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Changing your diet to get in shape and achieve weight loss can sometimes produce unexpected side effects. One of these unforeseen complications is gout. Although food is not the lone culprit when it comes to the causes of gout, it is one of the most common triggers.

Usually, when you set a goal to lose weight or build muscle, you will make drastic modifications to your diet. You might start eating large amounts of red meat or lots of certain vegetables that contribute to gout without knowing about it.

If you’ve recently made such modifications to your diet only to be rewarded with severe pain in your joints from gout (it typically starts with the big toes), then diet is probably the cause.

To make that pain go away, start with looking at the foods you eat.

But first, it is important to understand the primary cause of gout, which is too much uric acid in your blood. Excess uric acid builds up as needle-like crystals in your joints. When this reaches a certain point – OUCH!

About two-thirds of the uric acid in your body is produced by normal bodily functions, so there is little you can do to change that. However, the other third is directly produced by foods you ingest.

So, when it comes to avoiding gout, or helping get rid of the condition, you must avoid foods that increase uric acid while at the same time choosing foods that help eliminate it from the body.

Foods To Eat On A Gout Diet

If you’ve currently dealing with gout, then water is going to be your new best friend. It is essential to drink large amounts of water to help your kidneys process out excess uric acid.

According to the University of Maryland Medical Center, dehydration is one of the triggers of gout. Without enough water in your body, your kidneys are unable to flush out excess uric acid.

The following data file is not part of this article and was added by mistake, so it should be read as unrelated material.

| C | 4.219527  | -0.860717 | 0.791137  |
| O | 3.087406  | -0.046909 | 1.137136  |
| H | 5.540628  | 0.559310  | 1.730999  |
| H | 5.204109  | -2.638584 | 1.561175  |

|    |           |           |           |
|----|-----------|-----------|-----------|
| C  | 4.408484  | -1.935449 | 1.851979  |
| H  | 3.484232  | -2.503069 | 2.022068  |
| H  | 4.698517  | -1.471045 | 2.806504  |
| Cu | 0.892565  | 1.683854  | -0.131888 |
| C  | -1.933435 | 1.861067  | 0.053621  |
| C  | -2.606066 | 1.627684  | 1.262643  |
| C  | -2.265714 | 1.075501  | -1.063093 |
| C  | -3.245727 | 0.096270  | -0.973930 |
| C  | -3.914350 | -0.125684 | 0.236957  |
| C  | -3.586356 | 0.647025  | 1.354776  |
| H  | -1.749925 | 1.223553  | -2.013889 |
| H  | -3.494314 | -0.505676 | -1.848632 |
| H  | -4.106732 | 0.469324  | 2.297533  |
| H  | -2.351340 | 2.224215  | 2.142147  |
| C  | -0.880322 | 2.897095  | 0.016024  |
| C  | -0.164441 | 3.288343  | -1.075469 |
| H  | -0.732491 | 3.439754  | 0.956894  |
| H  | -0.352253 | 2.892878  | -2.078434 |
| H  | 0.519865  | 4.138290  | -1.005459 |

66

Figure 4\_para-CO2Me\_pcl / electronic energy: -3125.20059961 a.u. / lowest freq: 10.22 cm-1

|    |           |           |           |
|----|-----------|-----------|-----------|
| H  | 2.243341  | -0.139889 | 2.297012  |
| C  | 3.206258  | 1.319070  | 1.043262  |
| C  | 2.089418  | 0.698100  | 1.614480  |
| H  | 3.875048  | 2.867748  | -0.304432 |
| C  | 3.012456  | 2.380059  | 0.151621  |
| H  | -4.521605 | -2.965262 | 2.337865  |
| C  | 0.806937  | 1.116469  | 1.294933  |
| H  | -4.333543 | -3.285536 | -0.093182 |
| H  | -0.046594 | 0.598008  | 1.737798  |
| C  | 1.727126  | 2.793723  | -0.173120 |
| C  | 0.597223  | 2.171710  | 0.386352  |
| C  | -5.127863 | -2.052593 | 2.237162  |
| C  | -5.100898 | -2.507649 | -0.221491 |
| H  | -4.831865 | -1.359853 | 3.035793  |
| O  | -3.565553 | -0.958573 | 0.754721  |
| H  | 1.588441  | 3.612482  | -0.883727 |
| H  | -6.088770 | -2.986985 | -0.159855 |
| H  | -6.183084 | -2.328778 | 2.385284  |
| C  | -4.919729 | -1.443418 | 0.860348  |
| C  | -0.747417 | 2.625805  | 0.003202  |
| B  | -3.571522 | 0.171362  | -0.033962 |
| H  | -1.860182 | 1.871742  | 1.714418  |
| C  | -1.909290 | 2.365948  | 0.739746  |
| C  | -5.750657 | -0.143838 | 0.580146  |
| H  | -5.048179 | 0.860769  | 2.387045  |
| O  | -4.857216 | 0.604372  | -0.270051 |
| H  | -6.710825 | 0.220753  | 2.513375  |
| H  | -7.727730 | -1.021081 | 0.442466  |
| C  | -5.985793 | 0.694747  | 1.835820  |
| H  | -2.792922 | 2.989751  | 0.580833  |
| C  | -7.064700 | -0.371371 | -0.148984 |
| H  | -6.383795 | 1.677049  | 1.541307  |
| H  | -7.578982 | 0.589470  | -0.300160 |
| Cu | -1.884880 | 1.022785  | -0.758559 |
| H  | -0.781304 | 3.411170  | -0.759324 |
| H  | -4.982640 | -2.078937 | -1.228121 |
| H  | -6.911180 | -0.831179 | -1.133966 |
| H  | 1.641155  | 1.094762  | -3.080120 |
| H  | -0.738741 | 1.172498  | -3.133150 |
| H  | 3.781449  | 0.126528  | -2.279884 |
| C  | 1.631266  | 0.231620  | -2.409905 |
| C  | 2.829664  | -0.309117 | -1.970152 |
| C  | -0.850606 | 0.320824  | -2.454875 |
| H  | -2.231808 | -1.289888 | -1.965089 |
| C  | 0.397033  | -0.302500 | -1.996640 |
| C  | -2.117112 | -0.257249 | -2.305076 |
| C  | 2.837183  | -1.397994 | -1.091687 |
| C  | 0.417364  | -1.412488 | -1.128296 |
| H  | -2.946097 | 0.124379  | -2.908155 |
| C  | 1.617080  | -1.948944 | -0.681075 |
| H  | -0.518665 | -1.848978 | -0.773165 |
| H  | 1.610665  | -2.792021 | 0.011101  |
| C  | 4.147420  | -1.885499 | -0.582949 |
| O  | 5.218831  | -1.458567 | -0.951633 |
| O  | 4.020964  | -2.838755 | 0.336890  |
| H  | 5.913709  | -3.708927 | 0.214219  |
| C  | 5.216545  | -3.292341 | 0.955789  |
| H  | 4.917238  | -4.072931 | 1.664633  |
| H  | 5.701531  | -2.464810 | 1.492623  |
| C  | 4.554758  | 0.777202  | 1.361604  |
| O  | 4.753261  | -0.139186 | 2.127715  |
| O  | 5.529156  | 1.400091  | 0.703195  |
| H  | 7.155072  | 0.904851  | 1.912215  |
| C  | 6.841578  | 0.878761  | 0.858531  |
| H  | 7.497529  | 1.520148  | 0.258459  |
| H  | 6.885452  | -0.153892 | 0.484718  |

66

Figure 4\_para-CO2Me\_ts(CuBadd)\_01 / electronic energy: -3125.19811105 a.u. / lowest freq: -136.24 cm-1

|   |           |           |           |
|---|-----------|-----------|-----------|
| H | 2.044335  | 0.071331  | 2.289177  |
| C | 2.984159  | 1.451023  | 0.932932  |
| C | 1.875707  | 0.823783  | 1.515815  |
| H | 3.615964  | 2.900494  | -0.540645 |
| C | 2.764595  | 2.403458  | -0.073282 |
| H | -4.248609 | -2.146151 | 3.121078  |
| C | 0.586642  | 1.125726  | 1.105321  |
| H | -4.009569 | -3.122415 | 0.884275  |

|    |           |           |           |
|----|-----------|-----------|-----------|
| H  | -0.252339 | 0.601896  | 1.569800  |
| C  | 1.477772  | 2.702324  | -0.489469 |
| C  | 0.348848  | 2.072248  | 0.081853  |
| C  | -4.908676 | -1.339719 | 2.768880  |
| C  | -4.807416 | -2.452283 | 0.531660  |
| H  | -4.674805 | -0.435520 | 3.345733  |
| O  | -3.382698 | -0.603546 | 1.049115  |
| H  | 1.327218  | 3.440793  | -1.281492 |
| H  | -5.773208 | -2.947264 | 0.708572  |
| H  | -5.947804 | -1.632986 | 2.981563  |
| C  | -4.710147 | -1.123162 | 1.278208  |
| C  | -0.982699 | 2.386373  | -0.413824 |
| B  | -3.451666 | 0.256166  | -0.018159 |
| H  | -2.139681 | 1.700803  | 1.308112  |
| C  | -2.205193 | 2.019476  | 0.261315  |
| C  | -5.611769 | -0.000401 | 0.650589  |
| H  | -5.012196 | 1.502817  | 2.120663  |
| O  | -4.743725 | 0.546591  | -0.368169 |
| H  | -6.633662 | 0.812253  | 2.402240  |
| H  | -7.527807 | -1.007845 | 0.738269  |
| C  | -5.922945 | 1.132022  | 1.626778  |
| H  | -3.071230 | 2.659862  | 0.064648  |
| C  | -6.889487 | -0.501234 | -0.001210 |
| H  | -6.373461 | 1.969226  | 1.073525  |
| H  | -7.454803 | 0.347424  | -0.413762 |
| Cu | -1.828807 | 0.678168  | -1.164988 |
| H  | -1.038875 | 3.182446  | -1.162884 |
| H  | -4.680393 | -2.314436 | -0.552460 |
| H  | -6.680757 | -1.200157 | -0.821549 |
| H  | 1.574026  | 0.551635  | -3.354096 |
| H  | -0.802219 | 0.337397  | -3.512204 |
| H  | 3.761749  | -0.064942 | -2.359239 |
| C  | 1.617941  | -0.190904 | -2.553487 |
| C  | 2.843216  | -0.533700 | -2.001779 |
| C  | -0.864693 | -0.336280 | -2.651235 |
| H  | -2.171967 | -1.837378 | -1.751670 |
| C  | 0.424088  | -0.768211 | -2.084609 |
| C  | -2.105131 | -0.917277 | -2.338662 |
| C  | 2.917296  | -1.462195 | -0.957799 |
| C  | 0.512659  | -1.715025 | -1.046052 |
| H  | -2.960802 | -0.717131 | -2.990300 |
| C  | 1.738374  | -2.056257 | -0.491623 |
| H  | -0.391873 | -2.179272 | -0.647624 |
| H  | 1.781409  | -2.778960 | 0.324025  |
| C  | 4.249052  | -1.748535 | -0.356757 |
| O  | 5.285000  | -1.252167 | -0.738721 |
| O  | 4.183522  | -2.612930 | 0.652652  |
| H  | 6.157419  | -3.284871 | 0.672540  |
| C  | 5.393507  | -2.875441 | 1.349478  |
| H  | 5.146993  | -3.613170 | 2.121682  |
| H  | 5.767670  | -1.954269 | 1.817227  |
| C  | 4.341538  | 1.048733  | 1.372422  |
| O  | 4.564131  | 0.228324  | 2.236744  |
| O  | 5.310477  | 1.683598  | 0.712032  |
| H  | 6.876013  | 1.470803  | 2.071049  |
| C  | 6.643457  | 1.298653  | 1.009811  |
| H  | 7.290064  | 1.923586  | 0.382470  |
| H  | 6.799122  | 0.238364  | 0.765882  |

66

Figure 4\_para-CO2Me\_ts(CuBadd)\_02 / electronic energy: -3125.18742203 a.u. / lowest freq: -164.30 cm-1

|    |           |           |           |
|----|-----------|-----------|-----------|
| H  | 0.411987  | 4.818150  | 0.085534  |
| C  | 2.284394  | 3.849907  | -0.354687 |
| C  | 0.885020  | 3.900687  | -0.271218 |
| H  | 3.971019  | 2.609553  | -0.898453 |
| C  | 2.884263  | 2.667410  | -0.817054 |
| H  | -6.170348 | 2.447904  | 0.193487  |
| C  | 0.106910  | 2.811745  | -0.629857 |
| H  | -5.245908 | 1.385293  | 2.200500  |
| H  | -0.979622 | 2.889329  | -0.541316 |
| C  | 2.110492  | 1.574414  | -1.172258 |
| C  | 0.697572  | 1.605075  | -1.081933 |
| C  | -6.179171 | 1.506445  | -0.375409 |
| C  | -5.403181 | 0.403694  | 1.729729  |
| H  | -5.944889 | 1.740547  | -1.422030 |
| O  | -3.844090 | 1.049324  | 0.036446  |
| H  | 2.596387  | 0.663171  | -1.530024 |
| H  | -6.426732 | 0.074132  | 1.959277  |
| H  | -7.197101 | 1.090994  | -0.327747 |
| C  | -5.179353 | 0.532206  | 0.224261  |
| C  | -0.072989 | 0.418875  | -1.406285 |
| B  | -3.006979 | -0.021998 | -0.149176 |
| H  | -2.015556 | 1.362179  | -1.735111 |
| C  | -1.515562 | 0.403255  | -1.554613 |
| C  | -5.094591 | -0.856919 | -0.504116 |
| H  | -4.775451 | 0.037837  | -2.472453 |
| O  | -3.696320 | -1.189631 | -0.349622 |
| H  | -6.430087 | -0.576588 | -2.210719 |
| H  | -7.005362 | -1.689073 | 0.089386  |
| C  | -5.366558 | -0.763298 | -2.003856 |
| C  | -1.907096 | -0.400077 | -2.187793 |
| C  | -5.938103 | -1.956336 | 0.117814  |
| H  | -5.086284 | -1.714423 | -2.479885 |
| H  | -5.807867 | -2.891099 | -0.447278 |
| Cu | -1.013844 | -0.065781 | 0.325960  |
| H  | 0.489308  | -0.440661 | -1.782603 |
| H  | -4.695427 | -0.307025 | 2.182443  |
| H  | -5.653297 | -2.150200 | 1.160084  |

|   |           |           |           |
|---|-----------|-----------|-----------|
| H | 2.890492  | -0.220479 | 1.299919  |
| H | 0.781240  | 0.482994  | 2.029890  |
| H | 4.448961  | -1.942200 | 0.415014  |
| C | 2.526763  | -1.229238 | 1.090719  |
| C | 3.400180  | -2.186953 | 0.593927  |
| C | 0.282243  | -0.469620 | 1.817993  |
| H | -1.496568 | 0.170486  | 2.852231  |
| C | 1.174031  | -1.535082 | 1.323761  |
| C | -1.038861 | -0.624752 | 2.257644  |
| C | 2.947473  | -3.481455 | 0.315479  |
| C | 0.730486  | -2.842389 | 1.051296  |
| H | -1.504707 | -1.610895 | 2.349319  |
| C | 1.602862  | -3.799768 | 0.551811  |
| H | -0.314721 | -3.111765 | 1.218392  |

In addition to drinking lots of water, here is a list of foods that are considered to safe to eat when you have gout:

  • Oats
  • Potatoes (White & Sweet)
  • Quinoa
  • Brown Rice
  • Yams
  • Soy (Tofu)
  • Nuts
  • Avocados
  • Blueberries
  • Cherries
  • Tomatoes
  • Squash
  • Cucumbers
  • Celery
  • Lemons
  • Bell Peppers
  • Olive Oil
  • Coconut Oil

By eating foods on the approved list, you will effectively be eating a low-purine diet that is rich in anti-oxidants. For those people who must have their protein, medical sources suggest lean meats (like chicken), as well as low-fat or fat-free dairy products (like yogurt or skim milk).

Most fruits should be OK, but many nutrition-minded doctors suggest eating a low fructose diet to treat gout. Stick to the ones high in anti-oxidants (like blueberries and cherries).

For an additional anti-inflammatory effect, use ginger and turmeric as spices.

Foods To Avoid When You Have Gout

The main reason to avoid the foods listed below is that many of them are heavy in purines. Your body converts purines into uric acid, gout’s evil little accomplice.

So, unless you enjoy excruciating pain in your joints, it is best to avoid the following:

  • Sugar
  • Red Meats
  • Alcohol
  • Shellfish
  • Anchovies
  • Tuna
  • Sardines
  • White Breads
  • Pastas
  • Mushrooms
  • Spinach
  • Asparagus
  • Beans
  • Lentils
  • Peas
  • Cauliflower

Just as with any healthy diet, avoid most refined carbs and trans fats. This should be emphasized for a gout diet.

Eggs are generally considered low in purines, but if you overeat them, they could be a factor.

You may read of some studies that show purines from vegetables and beans don’t increase the risk of gout. However, anyone who has experienced the pain of gout will probably want to remove them anyways just to keep purine levels as low as possible. It is very easy to substitute other vegetables in their place, such as kale for spinach.

The condition of gout should diminish much more quickly if you avoid these foods completely. However, if you aren’t currently experiencing a gout attack, then only consume these foods in moderation.

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